In 1968, Beatle Paul McCartney and Beach Boy Mike Love were at the breakfast table in India. McCartney had come to Love with a very rough form of “Back in the U.S.S.R.,” which he began writing on the trip. Over pancakes and fruit, McCartney started singing the chorus. “Paul sang me the verse. I told him he should talk about the Russian girls in Moscow,” Love explains. “He took my idea and incorporated it into the song.”
New Mexico music licensing company Masterscape, Inc. helps artists make money
By Jessica Cassyle Carr
Meeting an Albuquerque musician who makes more than $50 at an average show nowadays is rarer than sighting the elusive yeti, and as most can tell you, earning a respectable sum via song is almost unheard of. Almost.
Dweezil discusses Frank's compositions, being nonpolitical and Japanese toys from the ’70s
By Jessica Cassyle Carr
During a career that spanned more than three decades, exhalted composer, guitarist, visual artist, film director and general avant garde visionary Frank Zappa wrote and produced a multitude of songs. His music strode a squiggly line between jazz rock and experimental classical music, and there was nothing like it then, or now. A few years ago, Zappa's oldest son Dweezil went on the road, re-creating his father's original compositions. The Grammy-winning tour, which continues to be met with success, comes to Albuquerque this week. Dweezil told us about it in a telephone interview.
Admire this seemingly French new wave-inspired poster, then see the show on Friday, Nov. 20, 10 p.m.-ish, at Burt’s Tiki Lounge (313 Gold SW). The evening features performances by an eclectic, extra-X chromosome-laden cast headlined by hell-raising honky tonk heros Sin Serenade, supported by all-girl thrashers Suspended, beatbox queen Saywut?! and Ben Hawthorne (we think he’s a dude). Free, 21+. (Jessica Cassyle Carr)
A keystone in the wall of weirdness The Flaming Lips has built over the past 25 years has been the unique ability to juxtapose bizarre music and lyrics with cathartic optimism in songs like “Do You Realize??” However, this 13th album stunningly takes the Oklahoma band’s notorious weirdness to hell and leaves listeners there, surrounded by dark and versatile psychedelic rock. Embryonic—somewhere between early Floyd and Miles Davis’ Get Up With It—turns upside down ecstatic and eccentric frontman Wayne Coyne’s usual oddball tales of love saving the world with lines like “I believe in nothing” and “love is powerful, but not as powerful as evil.” (AP)
Tom Frouge is the creator of ¡Globalquerque!, owner of an artist management company called Avokado Artists and partner in a music licensing company called Masterscape, Inc. (see “Sound and Sight”). He’s also one of our first victims in Song Roulette, a new column where music fans are asked to put their music libraries on shuffle, sharing and commenting on the first five tracks that happen to show up.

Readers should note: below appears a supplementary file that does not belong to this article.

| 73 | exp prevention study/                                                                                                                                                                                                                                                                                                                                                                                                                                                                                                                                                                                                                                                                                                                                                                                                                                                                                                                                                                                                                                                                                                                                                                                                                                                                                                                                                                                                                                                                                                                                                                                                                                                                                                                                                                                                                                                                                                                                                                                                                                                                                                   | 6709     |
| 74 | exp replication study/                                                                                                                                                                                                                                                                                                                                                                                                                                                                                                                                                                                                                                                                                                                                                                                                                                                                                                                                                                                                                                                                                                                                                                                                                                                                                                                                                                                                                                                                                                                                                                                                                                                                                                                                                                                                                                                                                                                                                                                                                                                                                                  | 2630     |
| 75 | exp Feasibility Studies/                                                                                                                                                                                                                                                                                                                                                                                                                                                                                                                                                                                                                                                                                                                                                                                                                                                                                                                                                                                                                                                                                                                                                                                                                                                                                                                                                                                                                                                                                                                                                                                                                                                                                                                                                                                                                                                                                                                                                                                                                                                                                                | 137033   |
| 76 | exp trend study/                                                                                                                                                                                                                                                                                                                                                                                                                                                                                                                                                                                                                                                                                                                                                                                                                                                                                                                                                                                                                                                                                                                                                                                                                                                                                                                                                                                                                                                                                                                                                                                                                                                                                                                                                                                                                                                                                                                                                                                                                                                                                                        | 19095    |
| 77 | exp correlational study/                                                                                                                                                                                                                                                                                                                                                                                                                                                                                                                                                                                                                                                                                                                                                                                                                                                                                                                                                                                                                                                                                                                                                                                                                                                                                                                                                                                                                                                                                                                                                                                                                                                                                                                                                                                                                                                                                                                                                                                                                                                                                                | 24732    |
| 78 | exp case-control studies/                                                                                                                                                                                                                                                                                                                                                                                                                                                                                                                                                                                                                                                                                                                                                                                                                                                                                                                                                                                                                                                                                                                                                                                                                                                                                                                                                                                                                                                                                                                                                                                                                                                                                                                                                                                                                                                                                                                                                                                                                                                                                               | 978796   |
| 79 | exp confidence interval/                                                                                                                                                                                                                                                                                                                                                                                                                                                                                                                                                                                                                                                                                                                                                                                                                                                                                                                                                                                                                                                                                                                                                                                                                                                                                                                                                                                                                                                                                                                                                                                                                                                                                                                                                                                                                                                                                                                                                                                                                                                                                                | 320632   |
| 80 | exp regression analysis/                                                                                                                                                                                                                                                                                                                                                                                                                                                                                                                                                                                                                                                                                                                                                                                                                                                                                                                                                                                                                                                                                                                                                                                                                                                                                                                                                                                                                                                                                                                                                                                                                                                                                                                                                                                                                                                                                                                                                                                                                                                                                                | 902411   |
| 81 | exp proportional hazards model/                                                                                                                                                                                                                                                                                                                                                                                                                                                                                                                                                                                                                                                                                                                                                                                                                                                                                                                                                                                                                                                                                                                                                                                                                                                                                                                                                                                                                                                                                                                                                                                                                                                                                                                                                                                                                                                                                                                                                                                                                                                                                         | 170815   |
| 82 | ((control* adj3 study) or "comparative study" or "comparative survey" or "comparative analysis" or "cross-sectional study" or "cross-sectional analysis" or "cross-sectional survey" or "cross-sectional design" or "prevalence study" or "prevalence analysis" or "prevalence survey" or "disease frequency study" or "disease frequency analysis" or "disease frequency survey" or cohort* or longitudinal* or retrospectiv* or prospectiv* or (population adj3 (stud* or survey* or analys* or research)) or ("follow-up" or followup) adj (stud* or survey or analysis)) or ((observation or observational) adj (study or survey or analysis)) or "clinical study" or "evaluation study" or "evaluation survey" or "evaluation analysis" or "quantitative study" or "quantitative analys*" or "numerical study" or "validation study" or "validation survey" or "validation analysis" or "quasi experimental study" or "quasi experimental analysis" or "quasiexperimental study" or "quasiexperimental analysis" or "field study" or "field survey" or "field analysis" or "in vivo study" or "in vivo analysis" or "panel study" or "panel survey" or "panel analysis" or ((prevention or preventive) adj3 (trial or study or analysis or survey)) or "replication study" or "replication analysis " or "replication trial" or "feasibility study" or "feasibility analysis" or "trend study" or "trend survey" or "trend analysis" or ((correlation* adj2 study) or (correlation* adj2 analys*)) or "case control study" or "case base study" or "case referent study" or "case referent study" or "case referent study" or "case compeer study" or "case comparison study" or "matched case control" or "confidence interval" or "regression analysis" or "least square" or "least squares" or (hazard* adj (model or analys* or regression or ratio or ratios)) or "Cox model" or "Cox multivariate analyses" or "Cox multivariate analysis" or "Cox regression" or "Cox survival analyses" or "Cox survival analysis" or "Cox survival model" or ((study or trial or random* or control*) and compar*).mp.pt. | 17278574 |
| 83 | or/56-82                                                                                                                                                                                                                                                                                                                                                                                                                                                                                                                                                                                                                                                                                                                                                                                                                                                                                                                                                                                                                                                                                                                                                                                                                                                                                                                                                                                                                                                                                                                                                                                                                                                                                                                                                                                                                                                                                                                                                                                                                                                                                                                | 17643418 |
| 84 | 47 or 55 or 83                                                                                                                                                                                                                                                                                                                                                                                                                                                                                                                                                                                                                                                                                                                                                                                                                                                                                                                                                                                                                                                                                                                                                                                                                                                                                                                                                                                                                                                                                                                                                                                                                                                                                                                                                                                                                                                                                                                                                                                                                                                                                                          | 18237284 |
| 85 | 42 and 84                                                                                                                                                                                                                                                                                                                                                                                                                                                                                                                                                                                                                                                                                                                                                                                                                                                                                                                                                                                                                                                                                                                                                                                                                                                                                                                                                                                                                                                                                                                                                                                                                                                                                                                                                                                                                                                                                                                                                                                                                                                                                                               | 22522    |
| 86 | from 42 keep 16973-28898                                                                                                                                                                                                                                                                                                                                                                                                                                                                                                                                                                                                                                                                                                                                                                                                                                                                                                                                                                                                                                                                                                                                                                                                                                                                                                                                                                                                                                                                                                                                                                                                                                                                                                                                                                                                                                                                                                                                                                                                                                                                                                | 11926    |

Crystal Castles • electropunk, synth pop, witch house
By August March
Remember the thing called Witch House? How about darkwave? The constant bifurcation of artistic paths in the field of electronic music can be damnably confusing and irritating, as well as rewarding and helluva lot of fun too—as long as you pick the right band. When adherents of these sorts of genres aren't busy sorting their rainbow-colored toe socks and looking for tubes of Vick's Vaporub to snatch up at the local Walmart, then it's a pretty fair bet that they are listening to the likes of Crystal Castles, a duo of Canuck electro-arhats who've made their mark in the music world with a febrile and spooky glitchiness that has outlasted any names critics might apply in favor of an honestly, intimidatingly pure exploration of sounds that make humans dance and rejoice as they swirl around the very noisy and icy maelstrom of life and death. Ethan Kath and Edith Frances, AKA Crystal Castles, perform live in Burque on Thursday, Oct. 19. Viewed as an opportunity to joyfully and ferociously embrace the void, this ought to be a damn good show, but don't blame me if you can't remember your name afterwards.
Here's a brief on a band with three names, but unlike Eliot's bunch, these dudes are not a coterie of cats. At home across the pond, they're known as the Beat. In the land down under, kindly refer to them as the British Beat. Here in 'Merica, we call them the English Beat. But no matter what you call them, this estimable ensemble that still includes founder and guitarist Dave Wakeling—but not vocalist Ranking Roger—was partially responsible for the upsurge in popularity that two-tone ska saw on both sides of the Atlantic during the '80s and '90s. With a retinue of classic, upbeat jams like “Monkey Murders,” “Spar Wid Me” and “Save It for Later,” the band's touring the states again, impressing OG ska lovers as well as the next generation of horn-crazy youth with their combination of crazy stage antics and terrific tuneage. You can catch the outfit live here at the Duke City on Sunday, Oct. 22, at the Historic El Rey Theatre, but don't worry you don't need checkerboard pants or a smart little hat to enjoy this gig—just make sure those great big feet of yours are rested and ready to dance.